Any ‘homecoming’ for any India-born person who’s achieved fame and respect worldwide is bound to come with heavy baggage. At least, that’s what the popular perception is. And popular perception does hold true in the case of artist Anish Kapoor. Except for one thing. His baggage is more literal than metaphorical. For his first ever exhibition in India (and his biggest ever exhibition outside Britain) at Mehboob Studio in Mumbai, and the National Gallery of Modern Art (NGMA) in Delhi, UK-based Kapoor has brought massive pieces made of fibreglass, steel, glass, cement, wax and other material, some weighing more than four tons.
His reception here has been equally weighty. Kapoor’s display at the NGMA Delhi was inaugurated by Congress president Sonia Gandhi, and the art community in India has high expectations of him, some hoping he’ll address art seminars, others eager to have him address the issue of the abysmal quality of Indian public art. Then there’s the buzz that he may be asked to create installations for Parliament House. Heavy stuff for an artist most of us in India have barely heard of.
Change of art
But the rumour about Parliament House has Kapoor neither panicking nor preening. Only thinking. “I have to access things in a real way and see what space is offered to me if it is offered at all,” he says. “I want to make an assessment of what the right thing to do is, what the right context is – it’s very hard in the abstract. I want to do something which is properly open and not with a political agenda. I want to somehow take it on for what it is.”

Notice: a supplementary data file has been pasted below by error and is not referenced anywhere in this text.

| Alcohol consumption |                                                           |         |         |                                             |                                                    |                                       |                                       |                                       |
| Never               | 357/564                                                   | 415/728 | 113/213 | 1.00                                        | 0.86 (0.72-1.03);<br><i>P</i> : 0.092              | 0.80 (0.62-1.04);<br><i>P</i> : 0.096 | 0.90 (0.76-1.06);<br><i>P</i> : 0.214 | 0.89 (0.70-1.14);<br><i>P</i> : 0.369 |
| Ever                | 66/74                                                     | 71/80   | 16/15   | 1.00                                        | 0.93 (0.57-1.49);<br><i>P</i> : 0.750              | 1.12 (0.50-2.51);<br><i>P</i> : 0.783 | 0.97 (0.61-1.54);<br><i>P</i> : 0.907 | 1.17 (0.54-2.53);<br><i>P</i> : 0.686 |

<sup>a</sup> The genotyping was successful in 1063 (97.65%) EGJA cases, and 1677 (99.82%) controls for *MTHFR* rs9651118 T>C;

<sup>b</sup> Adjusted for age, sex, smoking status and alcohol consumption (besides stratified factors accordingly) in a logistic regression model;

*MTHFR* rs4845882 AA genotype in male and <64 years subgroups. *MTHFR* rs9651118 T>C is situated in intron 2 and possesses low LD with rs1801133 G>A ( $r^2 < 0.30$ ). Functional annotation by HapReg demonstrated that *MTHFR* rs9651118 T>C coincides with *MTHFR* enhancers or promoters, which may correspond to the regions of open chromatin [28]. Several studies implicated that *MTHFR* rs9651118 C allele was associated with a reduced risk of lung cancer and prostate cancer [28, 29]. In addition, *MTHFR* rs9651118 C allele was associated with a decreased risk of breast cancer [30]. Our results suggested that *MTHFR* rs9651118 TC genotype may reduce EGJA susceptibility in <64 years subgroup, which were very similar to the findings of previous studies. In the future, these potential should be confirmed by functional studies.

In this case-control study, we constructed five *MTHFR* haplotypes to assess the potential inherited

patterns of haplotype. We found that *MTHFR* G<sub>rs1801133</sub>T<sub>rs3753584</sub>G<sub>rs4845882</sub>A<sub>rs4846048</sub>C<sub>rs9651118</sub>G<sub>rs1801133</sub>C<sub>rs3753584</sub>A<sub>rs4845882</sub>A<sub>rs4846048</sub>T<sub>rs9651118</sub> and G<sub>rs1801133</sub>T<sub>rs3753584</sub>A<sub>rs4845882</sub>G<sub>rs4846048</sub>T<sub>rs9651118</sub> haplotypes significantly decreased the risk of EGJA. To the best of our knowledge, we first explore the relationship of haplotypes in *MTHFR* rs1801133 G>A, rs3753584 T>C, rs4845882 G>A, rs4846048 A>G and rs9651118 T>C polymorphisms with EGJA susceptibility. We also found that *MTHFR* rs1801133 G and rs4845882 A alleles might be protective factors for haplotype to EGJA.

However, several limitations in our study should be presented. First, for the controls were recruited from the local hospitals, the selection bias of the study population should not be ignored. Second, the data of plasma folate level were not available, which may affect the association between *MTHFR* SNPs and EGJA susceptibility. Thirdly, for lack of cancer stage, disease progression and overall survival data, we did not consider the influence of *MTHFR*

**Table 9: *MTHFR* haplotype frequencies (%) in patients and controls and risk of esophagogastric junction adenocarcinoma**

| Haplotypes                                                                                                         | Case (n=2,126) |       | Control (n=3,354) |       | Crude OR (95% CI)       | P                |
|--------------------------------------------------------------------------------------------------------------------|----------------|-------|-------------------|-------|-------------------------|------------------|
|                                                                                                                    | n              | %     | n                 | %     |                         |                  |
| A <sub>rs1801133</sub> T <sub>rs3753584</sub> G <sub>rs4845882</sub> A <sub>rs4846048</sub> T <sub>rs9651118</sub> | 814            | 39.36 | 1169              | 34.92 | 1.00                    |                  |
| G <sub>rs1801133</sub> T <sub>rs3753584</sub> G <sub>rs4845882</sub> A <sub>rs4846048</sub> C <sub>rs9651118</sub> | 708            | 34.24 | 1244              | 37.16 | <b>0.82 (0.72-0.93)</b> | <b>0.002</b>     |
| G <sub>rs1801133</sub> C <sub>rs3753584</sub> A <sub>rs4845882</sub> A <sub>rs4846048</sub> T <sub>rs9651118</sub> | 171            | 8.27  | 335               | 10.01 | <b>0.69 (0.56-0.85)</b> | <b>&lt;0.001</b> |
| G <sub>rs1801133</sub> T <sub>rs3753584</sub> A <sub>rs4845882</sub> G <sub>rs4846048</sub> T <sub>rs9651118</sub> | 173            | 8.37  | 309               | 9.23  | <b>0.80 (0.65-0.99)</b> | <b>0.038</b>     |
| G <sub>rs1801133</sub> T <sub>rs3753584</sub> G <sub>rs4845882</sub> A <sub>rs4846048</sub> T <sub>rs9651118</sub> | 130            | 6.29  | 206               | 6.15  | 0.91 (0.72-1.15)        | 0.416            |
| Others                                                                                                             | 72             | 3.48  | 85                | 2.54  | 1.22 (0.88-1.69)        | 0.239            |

What it will be can be left to speculation since there is no offer as yet. But whatever it may be, it will be stunning. Because that has been the continuing effect of Kapoor’s two best known works – the outdoor installations Sky Mirror at Nottingham Playhouse in England, and Cloud Gate in Chicago’s Millennium Park.
Both Sky Mirror and Cloud Gate are immense structures that are ever-changing because they reflect the sky – and the people around them. Fascinated viewers are known to spend hours looking at the images on the polished surfaces. Some even wait patiently for a bird to fly by. “I love Cloud Gate for the way it has been used as a mirror and not as a reflector,” says Mumbai-based artist Bose Krishnamachari. “We have a lot to learn from Anish – he makes his works do the talking. Look at the kind and number of spaces, galleries and opportunities he has secured to display his works. It’s all through immense hard work and dedication.”